The Australian election was about climate change. Here’s what it means

The Prime Minister of Australia Anthony Albanese is speaking at a press conference in Australia on May 23, 2022 at the Parliament House.

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Australian businesses and their investors will keep a close eye on the newly elected government’s climate change policy worldwide.

Analysts say the Labor government under Prime Minister Anthony Albanese could hit a new deal to expand its emissions reduction targets.

Although the Labor Party won the federal election this weekend, it still failed to claim 76 seats to form a majority government and the count continues. Labor was also short of two seats on Tuesday afternoon.

If Labor cannot form a majority government, it may have to negotiate with climate change-focused independent and minority candidates who have snatched more seats than expected.

For now, Labor has promised to reduce emissions targets by 43% by 2030, based on 2005 figures.

Richard Martin, managing director of IMA Asia, told Street Sciences Asia on Monday that “what will move, what markets want to see is the environment, the carbon tax and so on.”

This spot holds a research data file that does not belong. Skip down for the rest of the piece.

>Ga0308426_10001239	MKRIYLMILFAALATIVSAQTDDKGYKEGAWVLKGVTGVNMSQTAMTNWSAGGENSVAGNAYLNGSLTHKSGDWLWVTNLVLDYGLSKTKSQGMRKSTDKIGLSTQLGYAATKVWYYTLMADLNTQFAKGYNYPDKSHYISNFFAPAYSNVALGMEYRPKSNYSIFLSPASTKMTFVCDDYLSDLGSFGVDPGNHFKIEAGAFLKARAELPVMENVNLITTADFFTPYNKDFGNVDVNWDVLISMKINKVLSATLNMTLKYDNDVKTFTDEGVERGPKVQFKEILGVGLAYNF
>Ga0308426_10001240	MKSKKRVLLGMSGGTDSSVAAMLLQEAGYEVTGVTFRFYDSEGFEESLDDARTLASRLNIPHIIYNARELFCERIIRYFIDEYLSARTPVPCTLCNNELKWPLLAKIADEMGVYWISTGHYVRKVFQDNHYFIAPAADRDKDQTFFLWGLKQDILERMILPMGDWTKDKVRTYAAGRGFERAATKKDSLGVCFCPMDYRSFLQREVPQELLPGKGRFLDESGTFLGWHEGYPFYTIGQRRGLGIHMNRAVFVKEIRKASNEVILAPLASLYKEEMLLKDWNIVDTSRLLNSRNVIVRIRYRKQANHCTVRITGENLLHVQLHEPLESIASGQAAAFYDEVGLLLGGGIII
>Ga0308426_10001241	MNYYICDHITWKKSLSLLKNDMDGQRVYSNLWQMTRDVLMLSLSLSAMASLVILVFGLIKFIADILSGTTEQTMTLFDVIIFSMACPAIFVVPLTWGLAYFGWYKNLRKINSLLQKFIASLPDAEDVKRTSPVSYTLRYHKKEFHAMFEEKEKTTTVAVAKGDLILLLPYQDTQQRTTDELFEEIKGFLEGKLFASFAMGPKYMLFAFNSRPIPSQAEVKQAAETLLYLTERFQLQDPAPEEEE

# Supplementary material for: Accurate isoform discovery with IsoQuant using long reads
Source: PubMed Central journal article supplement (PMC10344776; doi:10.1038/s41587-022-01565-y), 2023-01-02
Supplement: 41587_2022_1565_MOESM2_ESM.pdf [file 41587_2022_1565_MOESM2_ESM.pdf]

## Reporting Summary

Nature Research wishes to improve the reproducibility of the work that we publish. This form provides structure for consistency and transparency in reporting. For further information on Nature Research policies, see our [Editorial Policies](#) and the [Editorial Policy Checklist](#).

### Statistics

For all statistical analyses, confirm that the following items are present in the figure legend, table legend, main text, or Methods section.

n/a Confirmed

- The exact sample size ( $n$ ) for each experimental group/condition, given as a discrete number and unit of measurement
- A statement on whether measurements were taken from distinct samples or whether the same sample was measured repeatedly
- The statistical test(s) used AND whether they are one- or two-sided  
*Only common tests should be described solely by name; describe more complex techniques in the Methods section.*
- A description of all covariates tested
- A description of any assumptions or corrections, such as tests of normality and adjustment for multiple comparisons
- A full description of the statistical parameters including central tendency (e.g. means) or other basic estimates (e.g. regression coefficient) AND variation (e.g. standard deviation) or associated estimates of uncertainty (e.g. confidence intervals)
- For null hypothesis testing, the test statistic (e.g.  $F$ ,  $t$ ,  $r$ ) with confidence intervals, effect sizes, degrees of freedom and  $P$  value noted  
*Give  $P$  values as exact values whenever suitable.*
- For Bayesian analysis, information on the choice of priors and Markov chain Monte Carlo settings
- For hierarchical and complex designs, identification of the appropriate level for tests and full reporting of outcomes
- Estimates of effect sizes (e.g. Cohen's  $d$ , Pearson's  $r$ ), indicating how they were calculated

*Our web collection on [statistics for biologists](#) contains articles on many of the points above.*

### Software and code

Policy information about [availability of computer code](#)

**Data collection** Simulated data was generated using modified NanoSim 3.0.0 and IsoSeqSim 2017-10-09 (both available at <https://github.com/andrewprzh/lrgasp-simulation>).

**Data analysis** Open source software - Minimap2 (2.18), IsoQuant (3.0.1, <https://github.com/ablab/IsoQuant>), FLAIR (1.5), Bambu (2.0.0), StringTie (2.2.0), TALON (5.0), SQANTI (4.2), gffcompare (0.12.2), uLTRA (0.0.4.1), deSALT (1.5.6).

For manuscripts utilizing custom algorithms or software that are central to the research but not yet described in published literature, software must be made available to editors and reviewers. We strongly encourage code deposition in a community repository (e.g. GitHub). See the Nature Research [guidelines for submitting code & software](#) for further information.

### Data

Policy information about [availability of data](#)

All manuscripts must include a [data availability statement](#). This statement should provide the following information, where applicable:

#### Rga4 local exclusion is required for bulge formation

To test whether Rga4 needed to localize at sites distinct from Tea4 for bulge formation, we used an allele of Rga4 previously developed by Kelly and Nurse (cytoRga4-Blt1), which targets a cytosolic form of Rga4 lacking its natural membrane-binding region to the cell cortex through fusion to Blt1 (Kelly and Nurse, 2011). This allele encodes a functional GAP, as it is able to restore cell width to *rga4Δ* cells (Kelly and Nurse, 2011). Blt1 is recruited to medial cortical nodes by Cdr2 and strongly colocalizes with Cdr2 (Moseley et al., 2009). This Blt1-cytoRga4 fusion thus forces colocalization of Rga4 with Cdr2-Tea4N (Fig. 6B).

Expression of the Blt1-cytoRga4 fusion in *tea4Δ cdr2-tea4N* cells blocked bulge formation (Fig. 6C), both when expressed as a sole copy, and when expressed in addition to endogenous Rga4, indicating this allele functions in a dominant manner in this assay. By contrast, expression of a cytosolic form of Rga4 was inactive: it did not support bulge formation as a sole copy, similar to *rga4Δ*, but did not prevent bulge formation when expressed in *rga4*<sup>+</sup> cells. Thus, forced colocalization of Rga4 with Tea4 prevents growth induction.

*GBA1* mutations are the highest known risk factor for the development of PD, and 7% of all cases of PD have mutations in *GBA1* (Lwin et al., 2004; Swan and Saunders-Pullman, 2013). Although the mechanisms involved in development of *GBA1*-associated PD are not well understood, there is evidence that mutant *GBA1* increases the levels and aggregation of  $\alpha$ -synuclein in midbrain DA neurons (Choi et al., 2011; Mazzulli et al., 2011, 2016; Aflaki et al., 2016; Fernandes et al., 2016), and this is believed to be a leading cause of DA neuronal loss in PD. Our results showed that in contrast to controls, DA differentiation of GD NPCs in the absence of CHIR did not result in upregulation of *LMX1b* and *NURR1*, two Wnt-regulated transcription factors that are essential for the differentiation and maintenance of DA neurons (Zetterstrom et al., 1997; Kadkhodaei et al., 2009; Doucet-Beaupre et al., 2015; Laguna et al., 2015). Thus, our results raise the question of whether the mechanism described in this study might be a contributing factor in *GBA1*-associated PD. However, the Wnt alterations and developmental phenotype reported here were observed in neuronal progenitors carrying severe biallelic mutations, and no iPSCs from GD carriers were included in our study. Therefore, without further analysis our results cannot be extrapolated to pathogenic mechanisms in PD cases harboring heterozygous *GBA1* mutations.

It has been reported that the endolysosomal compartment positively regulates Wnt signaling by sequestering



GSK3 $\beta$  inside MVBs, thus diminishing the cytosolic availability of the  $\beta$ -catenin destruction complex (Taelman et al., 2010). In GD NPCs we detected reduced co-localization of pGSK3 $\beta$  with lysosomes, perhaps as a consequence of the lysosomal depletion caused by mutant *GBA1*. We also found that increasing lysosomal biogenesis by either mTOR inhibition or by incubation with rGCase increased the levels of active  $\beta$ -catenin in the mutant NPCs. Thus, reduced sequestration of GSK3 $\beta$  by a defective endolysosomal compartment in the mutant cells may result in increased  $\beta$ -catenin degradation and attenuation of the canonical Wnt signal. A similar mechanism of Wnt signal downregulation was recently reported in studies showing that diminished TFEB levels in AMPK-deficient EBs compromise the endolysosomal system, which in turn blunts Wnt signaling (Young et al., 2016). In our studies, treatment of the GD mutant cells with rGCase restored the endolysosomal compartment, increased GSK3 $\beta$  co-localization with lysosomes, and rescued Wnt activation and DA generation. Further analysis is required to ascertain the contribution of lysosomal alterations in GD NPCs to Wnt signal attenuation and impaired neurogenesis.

Who will be affected by climate policies

Businesses such as coal mining and power generation are likely to be affected by the government’s climate policy, Martin said. Companies need to be wary of any policy changes by the Labor government, which, unlike its predecessor, which was soft on climate change, could take action on climate change.

But whether labor needs to be discussed, Martin’s concern is whether the currently proposed processes to reach the 2030 goal will work.

“It’s only five years away and the processes described by Labor are in a state of ‘excellent planning,'” he told CNBC.

All major emissions from industrial to mining need to accelerate emissions reduction plans, and it is expensive to manage.

Richard Martin

Managing Director, IMA Asia

“At the heart of the plan is the imposition of strict caps on large emitters and the revitalization of a market for carbon credit transactions that does not exist.”

Martin pointed to the poor performance of Australia’s carbon credit units, which have been awarded to eligible projects as a result of reduced greenhouse gas (GHG) emissions.

The price of units declined after the previous government under Scott Morrison It said it would return as the largest buyer of emissions in March.

Labor leader Anthony Albaniz stands on stage with his partner Jody Hayden, his son Nathan Albaniz and Australian shadow Foreign Minister Penny Wang during the party’s election night event in Australia on May 21, 2022. Businesses in Australia and their investors around the world will be wary of how the new Australian Labor government will come under pressure to hit a new deal to expand its emissions reduction targets amid concerns it will introduce its climate change policies, analysts say.

Brent Luin | Bloomberg | Getty Images

“If Labor is committed to its 2030 carbon emissions cap, Australia will face a dramatic acceleration next year in developing carbon control and trading frameworks,” Martin said.

“All major emitters – from industry to mining – need to speed up plans to reduce emissions, and there is a cost to its operations.”